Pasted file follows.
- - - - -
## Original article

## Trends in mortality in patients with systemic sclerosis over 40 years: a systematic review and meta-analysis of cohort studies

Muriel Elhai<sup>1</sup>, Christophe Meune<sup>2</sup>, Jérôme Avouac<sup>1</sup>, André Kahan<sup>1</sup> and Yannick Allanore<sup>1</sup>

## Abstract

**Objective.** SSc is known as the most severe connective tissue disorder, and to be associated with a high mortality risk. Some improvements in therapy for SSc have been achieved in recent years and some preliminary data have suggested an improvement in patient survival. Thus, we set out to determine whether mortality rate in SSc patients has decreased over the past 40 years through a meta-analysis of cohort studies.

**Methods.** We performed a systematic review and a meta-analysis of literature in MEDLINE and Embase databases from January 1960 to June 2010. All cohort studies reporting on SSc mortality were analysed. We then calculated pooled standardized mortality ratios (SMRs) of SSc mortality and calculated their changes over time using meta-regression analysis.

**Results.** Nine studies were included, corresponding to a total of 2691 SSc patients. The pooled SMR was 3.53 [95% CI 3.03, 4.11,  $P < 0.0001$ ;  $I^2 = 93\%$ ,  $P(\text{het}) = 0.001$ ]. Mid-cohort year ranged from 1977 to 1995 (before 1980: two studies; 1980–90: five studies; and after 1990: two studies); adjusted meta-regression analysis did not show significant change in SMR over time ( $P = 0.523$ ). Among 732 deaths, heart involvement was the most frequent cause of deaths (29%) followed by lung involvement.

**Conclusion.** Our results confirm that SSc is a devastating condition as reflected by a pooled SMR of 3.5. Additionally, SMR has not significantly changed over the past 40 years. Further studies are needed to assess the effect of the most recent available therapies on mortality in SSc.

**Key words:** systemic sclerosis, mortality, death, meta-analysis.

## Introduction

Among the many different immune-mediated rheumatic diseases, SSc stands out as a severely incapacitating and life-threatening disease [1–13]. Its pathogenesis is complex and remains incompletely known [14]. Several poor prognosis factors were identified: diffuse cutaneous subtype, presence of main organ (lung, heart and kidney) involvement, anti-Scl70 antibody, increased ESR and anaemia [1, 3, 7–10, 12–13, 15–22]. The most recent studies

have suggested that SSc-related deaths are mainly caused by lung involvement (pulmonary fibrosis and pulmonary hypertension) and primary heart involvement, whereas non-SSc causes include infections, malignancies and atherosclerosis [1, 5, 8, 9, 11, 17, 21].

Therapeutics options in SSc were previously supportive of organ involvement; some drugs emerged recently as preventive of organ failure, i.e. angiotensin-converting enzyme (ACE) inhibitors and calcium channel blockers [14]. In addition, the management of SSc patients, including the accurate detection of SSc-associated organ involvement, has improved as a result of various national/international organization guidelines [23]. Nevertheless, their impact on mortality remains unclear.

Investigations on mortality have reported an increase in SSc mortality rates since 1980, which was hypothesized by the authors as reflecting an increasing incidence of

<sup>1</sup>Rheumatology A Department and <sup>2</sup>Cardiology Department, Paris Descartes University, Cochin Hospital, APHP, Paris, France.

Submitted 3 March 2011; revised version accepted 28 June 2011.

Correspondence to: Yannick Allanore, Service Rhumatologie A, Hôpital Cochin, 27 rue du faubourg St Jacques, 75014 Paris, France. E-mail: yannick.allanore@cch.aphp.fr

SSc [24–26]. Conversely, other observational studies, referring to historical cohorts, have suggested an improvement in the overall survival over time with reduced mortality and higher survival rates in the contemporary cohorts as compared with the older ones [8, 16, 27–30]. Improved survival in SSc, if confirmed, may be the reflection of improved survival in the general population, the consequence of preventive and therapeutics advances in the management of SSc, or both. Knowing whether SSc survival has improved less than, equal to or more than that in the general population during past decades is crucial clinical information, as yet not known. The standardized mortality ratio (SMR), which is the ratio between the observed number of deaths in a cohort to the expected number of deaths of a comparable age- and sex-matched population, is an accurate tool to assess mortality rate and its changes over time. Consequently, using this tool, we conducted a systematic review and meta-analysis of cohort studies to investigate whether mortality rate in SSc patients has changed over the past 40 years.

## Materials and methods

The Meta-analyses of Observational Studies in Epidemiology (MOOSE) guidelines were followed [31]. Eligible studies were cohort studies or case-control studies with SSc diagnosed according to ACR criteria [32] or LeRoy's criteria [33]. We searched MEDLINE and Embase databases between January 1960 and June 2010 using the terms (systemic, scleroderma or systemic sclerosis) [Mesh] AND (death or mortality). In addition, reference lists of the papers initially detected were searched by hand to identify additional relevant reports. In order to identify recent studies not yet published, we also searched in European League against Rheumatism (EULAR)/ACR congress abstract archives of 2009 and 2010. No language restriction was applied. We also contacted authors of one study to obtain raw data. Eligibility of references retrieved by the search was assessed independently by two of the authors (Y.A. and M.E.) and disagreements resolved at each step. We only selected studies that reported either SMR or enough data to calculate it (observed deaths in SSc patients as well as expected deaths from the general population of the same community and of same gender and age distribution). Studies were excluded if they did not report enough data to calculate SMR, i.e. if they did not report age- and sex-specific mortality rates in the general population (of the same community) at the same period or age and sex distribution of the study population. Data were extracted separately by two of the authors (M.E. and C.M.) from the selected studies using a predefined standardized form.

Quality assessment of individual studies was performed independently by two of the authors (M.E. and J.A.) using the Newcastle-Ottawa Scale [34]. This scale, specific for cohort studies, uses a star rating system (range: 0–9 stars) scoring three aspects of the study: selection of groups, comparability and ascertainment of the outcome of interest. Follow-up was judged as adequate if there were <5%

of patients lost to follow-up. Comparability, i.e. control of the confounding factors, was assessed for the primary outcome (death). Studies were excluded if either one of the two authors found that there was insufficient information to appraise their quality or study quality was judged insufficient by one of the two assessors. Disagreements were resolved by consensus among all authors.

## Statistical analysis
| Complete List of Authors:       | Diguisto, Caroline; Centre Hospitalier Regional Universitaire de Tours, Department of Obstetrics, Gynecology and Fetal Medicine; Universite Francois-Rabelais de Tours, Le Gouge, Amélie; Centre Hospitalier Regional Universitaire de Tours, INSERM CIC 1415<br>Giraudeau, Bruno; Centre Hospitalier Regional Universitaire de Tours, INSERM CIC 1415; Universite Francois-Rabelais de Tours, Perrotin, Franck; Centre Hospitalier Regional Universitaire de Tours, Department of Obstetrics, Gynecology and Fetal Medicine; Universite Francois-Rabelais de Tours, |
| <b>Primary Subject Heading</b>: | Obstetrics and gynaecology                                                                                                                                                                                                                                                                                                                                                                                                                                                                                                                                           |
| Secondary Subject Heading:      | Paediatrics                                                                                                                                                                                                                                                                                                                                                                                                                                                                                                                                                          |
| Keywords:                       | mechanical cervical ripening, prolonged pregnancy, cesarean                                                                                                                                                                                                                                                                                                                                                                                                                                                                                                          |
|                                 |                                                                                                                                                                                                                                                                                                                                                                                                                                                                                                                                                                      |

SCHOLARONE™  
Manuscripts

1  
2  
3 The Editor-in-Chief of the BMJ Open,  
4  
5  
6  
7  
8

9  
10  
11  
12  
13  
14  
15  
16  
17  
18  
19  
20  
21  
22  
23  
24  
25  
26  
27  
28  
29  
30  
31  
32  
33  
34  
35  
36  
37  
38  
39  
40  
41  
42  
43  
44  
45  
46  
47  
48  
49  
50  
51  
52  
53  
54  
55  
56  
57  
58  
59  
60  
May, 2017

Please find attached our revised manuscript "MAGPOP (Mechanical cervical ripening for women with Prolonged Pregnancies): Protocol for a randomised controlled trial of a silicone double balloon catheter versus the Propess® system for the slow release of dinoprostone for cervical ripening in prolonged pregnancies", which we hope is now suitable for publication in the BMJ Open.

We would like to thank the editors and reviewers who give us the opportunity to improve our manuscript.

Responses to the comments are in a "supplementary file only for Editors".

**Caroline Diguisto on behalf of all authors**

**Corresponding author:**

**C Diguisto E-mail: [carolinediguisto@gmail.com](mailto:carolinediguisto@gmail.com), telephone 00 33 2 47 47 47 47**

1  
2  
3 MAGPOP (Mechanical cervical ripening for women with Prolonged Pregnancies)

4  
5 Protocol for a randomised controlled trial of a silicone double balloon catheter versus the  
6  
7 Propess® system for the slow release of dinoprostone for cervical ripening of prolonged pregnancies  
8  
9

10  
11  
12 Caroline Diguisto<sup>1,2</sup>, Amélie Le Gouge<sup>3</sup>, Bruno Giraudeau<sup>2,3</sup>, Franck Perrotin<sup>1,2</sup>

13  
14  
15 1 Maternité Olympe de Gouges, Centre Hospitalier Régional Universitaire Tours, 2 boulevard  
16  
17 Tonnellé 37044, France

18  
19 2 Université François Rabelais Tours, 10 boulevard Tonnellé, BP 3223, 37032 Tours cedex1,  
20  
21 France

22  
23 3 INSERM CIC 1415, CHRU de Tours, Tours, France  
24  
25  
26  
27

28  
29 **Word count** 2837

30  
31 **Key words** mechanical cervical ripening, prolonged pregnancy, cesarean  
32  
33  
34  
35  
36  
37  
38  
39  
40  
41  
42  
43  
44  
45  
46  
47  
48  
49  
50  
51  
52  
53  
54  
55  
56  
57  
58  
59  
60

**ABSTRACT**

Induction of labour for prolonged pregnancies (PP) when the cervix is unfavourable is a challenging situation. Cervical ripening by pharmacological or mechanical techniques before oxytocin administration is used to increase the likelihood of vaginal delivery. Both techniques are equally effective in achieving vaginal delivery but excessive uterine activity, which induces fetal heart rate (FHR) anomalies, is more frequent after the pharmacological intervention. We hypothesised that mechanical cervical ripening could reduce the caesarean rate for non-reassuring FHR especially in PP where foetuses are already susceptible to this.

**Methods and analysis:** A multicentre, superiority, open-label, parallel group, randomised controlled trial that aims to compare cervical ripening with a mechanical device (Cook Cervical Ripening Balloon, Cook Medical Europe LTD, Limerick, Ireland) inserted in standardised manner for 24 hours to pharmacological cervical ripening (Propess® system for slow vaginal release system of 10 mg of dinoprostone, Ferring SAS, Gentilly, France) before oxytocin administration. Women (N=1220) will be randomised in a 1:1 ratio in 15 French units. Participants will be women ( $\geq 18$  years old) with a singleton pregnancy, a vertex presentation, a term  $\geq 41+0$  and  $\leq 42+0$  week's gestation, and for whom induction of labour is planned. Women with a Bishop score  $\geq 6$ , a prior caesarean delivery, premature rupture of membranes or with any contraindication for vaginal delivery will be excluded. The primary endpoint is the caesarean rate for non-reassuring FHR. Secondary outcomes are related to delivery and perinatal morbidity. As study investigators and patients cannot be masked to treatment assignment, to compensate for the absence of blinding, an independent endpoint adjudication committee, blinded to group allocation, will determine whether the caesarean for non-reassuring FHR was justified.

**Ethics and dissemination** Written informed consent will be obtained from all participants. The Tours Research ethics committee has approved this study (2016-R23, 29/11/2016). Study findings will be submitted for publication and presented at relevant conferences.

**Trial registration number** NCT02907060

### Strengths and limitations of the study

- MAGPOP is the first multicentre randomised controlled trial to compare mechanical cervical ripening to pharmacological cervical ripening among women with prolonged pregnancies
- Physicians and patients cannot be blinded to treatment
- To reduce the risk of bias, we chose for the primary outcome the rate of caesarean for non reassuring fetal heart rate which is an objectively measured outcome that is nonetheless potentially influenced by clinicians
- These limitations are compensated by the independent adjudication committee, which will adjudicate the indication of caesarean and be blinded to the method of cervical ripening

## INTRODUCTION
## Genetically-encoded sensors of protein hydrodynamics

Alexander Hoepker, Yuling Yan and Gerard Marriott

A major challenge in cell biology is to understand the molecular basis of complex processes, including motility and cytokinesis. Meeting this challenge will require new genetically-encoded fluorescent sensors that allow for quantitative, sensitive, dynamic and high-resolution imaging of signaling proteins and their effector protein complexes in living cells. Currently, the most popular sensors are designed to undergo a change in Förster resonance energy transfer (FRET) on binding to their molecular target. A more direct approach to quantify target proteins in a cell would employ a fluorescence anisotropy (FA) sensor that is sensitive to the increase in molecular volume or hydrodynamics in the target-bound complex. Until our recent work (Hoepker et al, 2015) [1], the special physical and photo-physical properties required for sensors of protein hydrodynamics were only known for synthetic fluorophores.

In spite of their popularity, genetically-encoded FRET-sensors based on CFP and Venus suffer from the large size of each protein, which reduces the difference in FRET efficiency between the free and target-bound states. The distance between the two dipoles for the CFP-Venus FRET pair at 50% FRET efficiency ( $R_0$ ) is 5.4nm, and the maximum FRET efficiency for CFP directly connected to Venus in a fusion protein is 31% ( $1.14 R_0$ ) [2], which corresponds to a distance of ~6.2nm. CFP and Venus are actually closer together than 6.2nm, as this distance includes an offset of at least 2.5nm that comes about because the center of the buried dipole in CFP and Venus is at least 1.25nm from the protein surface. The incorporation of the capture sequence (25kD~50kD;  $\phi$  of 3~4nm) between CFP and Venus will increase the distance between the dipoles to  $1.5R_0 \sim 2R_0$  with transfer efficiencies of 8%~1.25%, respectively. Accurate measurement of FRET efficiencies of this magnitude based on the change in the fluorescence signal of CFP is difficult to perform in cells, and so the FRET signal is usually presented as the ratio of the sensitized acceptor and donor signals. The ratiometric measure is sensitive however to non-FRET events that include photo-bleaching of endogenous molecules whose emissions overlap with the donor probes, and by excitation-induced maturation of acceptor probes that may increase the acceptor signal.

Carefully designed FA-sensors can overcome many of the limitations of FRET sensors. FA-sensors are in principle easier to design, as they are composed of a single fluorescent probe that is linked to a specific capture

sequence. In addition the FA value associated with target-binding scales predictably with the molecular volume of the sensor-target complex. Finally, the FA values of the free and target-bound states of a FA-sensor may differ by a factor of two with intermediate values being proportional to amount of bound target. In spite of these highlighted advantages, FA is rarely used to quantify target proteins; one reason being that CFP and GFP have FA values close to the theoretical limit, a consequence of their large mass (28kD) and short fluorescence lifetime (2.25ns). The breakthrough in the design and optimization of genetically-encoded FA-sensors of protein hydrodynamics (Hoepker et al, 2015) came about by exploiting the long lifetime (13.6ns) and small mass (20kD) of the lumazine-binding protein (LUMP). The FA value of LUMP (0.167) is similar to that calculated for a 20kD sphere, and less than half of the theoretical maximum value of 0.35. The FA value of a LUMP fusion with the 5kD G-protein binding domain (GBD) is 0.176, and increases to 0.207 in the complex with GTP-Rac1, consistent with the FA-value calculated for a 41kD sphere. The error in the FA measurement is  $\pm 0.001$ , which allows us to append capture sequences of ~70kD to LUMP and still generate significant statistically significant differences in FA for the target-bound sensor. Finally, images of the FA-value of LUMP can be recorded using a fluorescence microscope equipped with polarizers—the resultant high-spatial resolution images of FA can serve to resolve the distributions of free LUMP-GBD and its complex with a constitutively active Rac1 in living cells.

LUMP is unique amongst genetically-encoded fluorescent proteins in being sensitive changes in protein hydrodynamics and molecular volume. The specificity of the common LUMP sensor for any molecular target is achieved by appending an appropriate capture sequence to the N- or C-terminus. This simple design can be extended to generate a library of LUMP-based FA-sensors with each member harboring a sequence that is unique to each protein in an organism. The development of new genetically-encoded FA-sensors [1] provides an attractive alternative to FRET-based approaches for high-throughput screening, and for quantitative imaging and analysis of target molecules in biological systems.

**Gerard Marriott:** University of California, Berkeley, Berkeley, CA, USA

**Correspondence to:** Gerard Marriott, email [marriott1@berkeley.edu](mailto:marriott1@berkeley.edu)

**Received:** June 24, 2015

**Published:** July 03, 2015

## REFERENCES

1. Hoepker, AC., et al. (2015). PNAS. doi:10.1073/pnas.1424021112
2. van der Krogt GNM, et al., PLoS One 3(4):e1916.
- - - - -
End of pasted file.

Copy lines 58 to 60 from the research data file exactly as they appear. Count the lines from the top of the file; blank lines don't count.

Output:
28  
29  
30  